This week in my masters multimedia class, we’re webquesting valuable open educational resources (OER). One, or rather two, of my favorite websites for teaching argumentation are procon.org and usnews.com/debate-club
At the high school, and especially at the eleventh grade level, our department focuses on argumentation and persuasive writing. (I’d bet most schools in Nebraska do, since 11th graders are assessed on their persuasive writing skills.)
Persuasive writing and argumentation is one of the most difficult forms of writing to teach. Not only do we expect students to use proper conventions, smooth sentence fluency, and powerful word choice, but we also expect to see critical–and coherent–thinking. In some assignments, we teachers throw in research on top of it, and we’re asking a heckuva lot from our kids.
Two websites I’ve used with students for persuasive research and writing are procon.org and usnews.com/debate-club. These sites provide objective information for both sides of controversial issues.
Procon.org provides evidence including direct quotes and statistics on 52 current issues, ranging from standardized tests to concealed handguns to the Keystone pipeline. Evidence is presented in small chunks, giving students the building blocks to build their arguments. Background information is also presented for each issue.
The Debate Club at US News and World Reports’ site is another argumentation site that I’ve used with students. The site hosts essays about dozens of topics ranging from JFK’s assassination to the US military role in Syria, and essays about a new topic are published weekly. Each week, essays by expert supporters and proponents of an issue are published, giving students several points of view.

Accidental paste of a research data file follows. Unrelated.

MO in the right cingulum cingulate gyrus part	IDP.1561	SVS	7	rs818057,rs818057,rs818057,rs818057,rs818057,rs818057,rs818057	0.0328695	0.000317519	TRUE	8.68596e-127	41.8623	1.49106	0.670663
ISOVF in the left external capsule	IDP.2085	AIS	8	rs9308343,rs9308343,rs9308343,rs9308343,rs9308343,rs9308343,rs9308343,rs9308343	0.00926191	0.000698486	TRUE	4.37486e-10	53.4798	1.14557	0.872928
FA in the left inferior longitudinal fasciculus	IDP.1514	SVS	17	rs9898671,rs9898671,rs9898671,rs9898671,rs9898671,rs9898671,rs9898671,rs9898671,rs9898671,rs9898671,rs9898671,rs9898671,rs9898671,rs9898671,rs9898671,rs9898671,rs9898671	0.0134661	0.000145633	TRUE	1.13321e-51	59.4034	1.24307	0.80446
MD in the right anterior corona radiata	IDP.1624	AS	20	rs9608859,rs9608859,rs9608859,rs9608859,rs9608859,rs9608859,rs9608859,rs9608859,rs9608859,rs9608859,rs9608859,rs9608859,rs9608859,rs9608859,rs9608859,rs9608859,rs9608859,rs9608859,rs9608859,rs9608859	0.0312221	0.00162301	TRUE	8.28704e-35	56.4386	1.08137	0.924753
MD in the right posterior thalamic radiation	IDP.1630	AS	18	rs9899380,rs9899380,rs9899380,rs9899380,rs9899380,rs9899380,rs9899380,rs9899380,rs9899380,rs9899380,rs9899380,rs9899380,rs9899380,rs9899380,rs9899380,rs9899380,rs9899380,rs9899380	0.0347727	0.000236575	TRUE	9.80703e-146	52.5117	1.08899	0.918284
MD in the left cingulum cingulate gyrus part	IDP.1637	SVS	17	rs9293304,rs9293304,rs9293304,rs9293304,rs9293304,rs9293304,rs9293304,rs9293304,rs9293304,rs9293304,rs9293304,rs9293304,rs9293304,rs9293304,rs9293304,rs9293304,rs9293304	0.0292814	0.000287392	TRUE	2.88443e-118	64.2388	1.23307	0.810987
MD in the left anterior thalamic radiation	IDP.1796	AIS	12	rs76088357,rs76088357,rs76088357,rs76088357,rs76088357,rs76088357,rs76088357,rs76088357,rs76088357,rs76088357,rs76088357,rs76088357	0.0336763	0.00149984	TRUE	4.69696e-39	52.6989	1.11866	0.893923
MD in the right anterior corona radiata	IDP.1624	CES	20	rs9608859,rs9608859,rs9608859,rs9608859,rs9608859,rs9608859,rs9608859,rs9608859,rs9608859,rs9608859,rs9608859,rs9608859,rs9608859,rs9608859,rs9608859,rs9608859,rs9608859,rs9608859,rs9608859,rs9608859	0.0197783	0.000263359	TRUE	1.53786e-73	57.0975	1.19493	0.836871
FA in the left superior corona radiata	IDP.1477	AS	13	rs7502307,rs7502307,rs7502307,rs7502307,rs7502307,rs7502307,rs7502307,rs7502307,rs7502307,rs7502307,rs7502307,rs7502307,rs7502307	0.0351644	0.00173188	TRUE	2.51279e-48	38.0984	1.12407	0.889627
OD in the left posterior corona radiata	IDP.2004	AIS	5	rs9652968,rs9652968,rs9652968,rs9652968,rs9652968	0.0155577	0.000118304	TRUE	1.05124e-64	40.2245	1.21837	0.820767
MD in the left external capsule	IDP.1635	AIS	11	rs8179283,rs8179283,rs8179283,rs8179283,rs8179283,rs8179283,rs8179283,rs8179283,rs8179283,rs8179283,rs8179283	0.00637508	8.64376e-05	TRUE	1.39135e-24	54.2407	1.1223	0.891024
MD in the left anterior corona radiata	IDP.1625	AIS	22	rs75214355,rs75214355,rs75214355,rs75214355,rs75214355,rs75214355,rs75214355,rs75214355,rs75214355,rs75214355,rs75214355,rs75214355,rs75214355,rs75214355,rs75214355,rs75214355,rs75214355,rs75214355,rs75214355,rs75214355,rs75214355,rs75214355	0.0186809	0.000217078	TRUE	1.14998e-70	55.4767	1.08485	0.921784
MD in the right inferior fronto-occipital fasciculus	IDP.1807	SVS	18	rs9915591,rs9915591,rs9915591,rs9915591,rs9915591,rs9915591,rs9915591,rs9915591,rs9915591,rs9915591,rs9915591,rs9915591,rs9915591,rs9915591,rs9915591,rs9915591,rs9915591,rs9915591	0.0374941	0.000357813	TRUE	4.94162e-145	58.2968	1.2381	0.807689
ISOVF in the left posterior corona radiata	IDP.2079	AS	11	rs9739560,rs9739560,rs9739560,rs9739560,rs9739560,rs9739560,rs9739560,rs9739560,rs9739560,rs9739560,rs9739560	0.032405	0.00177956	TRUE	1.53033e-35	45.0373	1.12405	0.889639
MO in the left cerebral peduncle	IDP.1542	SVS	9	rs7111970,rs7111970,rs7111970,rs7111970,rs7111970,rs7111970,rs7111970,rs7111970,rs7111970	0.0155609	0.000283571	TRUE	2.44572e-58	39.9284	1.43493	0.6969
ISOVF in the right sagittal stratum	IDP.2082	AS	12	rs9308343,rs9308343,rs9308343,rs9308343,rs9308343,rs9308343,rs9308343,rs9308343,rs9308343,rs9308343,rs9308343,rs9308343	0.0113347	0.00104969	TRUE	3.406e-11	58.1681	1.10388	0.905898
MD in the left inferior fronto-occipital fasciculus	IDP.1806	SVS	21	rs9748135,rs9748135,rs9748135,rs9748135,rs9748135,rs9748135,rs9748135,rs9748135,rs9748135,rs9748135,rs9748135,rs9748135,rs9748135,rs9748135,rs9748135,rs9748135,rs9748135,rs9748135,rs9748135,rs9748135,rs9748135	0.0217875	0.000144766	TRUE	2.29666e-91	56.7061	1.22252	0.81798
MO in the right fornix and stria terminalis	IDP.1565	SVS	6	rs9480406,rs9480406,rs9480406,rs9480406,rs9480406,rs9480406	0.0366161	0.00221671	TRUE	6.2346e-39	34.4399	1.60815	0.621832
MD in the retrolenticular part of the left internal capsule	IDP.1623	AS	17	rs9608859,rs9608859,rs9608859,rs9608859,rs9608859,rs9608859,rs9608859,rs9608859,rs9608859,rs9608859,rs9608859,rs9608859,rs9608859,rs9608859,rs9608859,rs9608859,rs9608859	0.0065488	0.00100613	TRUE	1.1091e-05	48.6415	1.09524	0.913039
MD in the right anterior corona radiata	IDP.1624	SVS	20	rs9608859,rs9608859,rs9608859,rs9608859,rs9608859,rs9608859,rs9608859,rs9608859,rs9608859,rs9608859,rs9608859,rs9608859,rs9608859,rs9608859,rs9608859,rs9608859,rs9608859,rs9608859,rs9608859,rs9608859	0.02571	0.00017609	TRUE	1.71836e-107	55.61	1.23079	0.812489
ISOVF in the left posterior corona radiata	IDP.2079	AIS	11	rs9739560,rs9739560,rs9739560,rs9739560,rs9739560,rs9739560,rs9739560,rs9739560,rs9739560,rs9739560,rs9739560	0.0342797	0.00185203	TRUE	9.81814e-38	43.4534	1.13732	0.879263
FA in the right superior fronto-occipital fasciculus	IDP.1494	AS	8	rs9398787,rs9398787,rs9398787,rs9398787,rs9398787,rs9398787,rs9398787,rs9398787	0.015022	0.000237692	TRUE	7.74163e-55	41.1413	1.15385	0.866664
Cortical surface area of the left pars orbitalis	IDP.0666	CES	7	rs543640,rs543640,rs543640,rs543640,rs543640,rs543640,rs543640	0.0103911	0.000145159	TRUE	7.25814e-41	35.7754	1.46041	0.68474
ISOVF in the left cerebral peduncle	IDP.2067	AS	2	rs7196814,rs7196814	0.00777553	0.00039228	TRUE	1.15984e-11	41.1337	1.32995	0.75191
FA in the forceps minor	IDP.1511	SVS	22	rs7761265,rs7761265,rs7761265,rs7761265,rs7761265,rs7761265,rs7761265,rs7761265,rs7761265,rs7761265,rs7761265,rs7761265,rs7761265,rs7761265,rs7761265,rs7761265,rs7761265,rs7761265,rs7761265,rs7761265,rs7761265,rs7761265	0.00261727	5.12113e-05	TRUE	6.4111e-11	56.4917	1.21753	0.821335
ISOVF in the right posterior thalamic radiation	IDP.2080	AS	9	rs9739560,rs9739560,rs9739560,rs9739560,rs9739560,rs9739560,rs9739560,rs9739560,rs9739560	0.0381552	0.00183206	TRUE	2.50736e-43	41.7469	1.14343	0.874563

Both sites are beneficial depending on the project. If you’re looking for students to take raw evidence and synthesize it, procon.org is your goto site. If you want to focus on critical reading of essays–and in the process, provide samples of persuasive writing that you expect students to perform–you can’t go wrong with the Debate Club.
This past November my business English seniors performed a debate for the culminating project of their persuasive unit. After an entire class voted on their favorite topic, I split them in half; half took the pro side, while the other half took the con side. They critically read essays from the Debate Club site, which provided them with possible arguments they could use in a debate–very beneficial with students who struggle with language. Some students researched other sources and websites to find more information that they hoped other students wouldn’t find.
Even if you expect students to find research from a variety of sites, Procon.org and the Debate Club are two fantastic sites that serve as springboards into controversial topics.